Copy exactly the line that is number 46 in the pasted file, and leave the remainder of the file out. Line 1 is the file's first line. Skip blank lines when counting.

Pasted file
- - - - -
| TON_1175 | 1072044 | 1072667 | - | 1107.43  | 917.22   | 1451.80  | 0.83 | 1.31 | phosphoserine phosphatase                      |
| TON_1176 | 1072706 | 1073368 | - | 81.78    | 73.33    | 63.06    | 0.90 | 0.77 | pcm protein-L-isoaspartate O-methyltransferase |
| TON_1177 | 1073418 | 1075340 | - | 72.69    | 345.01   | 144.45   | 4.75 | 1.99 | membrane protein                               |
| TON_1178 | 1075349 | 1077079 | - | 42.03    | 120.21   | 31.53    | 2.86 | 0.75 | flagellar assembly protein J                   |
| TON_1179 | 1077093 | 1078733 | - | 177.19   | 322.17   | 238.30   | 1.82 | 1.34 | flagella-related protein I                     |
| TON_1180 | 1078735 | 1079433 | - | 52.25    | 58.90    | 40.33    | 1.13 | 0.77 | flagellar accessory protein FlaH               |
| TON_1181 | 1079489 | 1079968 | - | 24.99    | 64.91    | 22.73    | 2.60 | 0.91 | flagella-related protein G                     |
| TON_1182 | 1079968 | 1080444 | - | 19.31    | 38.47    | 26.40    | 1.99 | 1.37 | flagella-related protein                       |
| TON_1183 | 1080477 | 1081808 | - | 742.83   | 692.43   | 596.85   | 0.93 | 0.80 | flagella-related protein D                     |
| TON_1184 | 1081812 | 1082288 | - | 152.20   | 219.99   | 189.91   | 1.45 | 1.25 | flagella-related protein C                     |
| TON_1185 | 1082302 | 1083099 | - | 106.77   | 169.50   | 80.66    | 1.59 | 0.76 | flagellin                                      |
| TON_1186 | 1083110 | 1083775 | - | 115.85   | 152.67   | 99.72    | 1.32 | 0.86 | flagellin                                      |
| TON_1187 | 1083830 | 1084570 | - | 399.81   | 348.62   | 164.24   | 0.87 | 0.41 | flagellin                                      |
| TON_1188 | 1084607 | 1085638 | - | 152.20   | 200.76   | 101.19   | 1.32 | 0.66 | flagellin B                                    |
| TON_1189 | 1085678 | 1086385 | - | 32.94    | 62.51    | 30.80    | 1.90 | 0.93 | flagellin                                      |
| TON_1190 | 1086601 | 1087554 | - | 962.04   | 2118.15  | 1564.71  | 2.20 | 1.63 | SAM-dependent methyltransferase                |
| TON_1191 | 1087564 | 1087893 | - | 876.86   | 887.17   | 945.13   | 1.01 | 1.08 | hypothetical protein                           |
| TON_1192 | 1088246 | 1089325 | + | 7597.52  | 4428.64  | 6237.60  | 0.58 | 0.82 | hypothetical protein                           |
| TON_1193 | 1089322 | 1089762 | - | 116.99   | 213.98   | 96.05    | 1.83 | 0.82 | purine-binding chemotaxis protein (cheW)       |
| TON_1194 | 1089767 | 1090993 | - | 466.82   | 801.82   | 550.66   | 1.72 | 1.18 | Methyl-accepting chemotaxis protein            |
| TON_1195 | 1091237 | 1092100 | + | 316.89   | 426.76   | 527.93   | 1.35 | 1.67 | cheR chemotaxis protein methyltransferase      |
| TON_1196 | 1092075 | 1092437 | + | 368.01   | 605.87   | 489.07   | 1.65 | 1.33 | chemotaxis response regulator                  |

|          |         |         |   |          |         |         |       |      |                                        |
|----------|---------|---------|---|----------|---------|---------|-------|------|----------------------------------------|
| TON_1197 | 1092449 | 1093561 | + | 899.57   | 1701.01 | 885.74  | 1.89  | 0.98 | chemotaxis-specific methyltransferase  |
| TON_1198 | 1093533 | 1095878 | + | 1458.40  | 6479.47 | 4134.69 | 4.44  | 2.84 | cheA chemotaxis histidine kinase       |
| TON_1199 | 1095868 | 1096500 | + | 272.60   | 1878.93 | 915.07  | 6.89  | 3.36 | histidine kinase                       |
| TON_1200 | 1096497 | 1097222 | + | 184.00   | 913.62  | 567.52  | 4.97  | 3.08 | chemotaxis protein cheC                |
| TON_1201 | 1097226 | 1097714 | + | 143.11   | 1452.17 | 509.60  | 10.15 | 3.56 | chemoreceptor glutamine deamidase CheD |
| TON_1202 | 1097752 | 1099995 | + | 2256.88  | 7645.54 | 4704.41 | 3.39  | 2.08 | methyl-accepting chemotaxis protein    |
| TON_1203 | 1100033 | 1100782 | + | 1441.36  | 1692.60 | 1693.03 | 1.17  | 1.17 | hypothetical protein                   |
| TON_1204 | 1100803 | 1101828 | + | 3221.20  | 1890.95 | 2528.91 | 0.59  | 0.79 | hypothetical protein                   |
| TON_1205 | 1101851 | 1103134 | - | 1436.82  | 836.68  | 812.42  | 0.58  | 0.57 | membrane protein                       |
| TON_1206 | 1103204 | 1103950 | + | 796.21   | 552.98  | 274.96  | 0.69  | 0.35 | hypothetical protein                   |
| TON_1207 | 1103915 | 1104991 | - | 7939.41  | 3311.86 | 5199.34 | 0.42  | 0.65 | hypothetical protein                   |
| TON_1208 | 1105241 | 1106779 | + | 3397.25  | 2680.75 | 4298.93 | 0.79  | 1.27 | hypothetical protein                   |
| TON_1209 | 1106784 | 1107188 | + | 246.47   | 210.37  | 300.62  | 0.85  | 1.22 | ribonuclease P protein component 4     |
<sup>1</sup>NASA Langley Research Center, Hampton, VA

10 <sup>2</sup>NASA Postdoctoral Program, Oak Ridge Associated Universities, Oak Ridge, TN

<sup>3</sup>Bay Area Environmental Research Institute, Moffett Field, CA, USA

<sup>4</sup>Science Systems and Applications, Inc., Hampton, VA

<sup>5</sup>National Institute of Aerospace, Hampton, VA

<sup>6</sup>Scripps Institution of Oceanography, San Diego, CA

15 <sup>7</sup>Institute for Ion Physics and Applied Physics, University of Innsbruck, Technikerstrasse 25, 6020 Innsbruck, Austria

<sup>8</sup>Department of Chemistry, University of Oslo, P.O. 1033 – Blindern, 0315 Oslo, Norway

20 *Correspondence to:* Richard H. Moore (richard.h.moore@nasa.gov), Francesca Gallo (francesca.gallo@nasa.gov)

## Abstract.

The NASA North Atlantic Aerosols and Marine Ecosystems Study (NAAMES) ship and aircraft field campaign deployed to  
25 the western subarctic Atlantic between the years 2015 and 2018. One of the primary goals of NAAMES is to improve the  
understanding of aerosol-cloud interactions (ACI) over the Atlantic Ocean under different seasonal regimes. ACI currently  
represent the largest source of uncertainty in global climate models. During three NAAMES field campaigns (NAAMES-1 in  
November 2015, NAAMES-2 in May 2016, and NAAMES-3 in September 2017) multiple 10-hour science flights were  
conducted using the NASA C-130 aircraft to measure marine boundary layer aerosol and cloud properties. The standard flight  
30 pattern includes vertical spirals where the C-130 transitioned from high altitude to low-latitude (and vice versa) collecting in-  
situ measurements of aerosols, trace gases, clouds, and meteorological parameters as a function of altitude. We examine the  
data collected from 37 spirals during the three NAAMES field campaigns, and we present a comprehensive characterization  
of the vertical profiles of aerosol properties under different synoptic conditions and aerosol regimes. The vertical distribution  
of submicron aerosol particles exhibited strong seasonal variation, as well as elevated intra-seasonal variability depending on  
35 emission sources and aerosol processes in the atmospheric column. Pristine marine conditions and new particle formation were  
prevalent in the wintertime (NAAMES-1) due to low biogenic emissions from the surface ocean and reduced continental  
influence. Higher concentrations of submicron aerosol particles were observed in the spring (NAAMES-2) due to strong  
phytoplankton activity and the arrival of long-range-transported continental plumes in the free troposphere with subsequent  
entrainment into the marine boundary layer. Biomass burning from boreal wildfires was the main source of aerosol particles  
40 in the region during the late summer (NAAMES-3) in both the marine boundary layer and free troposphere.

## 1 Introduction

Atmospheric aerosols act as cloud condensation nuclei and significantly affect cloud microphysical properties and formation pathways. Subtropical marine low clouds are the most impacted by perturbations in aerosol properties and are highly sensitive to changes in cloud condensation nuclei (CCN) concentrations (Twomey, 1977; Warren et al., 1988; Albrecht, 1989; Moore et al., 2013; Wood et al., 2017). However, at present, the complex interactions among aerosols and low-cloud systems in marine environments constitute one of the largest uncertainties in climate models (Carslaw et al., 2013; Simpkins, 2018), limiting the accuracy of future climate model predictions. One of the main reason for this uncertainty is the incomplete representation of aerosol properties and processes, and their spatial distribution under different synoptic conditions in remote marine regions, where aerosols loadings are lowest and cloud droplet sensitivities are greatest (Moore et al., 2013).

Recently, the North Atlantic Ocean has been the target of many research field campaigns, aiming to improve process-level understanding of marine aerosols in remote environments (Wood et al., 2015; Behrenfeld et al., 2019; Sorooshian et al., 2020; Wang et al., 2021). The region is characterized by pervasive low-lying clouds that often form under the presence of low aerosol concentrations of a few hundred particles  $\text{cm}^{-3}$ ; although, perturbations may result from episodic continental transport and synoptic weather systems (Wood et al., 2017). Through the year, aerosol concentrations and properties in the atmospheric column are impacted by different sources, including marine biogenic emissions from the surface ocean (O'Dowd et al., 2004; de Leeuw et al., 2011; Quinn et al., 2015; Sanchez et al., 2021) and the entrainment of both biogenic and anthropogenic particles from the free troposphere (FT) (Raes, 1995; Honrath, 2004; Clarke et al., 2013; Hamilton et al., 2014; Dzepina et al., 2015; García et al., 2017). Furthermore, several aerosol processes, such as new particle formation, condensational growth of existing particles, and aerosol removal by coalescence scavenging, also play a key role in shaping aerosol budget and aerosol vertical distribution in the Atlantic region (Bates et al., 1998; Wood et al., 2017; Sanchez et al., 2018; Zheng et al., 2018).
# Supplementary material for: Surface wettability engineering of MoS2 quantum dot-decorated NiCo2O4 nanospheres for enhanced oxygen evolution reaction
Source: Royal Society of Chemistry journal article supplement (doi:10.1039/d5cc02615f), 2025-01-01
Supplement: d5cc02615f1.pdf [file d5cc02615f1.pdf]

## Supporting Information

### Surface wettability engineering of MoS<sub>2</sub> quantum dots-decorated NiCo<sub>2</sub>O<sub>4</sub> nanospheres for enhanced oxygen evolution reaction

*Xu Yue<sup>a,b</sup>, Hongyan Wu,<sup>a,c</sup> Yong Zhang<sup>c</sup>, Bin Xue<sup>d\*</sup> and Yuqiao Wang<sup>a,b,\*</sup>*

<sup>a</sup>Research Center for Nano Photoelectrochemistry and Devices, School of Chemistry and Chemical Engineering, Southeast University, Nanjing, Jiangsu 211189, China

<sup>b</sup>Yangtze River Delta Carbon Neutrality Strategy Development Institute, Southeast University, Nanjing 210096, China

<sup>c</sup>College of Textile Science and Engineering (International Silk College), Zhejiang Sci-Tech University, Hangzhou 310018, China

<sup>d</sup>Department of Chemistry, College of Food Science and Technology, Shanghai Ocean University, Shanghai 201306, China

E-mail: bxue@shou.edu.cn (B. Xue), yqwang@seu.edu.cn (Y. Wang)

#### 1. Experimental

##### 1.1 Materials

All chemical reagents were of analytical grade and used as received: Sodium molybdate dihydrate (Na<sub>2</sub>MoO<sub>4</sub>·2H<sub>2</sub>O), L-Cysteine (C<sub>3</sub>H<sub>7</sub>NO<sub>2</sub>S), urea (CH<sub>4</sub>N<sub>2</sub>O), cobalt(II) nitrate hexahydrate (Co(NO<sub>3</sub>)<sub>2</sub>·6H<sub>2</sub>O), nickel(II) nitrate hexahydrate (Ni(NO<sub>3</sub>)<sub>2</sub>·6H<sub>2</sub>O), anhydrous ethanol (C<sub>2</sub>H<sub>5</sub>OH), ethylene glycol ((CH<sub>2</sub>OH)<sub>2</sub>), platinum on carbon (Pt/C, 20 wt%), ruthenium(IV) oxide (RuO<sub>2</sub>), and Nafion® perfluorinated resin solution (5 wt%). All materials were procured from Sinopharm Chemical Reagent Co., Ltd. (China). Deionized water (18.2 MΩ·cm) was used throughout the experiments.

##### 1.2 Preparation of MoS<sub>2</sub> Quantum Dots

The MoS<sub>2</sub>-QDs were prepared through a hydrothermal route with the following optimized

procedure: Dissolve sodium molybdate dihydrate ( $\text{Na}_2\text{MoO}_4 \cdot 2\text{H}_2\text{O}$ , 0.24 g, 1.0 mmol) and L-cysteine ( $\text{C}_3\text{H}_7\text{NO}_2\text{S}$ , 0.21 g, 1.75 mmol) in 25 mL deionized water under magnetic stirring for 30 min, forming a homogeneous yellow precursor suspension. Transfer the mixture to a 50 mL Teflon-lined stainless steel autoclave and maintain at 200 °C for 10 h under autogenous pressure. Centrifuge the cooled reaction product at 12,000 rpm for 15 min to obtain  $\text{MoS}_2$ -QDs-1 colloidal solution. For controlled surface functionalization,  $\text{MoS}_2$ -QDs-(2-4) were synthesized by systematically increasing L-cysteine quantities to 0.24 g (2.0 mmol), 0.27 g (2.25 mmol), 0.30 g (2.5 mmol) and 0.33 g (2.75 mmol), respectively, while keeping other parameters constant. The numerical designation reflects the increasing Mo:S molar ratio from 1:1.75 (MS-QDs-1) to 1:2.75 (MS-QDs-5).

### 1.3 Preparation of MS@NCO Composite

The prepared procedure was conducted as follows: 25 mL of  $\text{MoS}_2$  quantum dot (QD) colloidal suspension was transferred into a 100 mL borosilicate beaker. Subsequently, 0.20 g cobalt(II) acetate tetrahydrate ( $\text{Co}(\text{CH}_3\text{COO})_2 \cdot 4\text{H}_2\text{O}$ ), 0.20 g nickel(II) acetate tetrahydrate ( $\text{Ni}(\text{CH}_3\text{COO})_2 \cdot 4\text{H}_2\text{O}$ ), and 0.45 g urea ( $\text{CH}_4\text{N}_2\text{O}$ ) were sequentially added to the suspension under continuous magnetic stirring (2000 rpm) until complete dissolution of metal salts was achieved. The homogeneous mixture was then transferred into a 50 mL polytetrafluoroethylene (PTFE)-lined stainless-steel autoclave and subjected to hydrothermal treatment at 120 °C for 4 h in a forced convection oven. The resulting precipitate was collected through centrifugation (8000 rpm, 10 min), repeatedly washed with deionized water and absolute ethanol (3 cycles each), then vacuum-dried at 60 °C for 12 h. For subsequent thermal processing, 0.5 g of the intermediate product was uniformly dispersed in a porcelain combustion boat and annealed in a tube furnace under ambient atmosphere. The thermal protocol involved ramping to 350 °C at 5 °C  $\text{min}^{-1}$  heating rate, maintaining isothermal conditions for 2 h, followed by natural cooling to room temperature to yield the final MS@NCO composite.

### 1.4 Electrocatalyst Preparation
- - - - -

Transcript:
20 *Correspondence to:* Richard H. Moore (richard.h.moore@nasa.gov), Francesca Gallo (francesca.gallo@nasa.gov)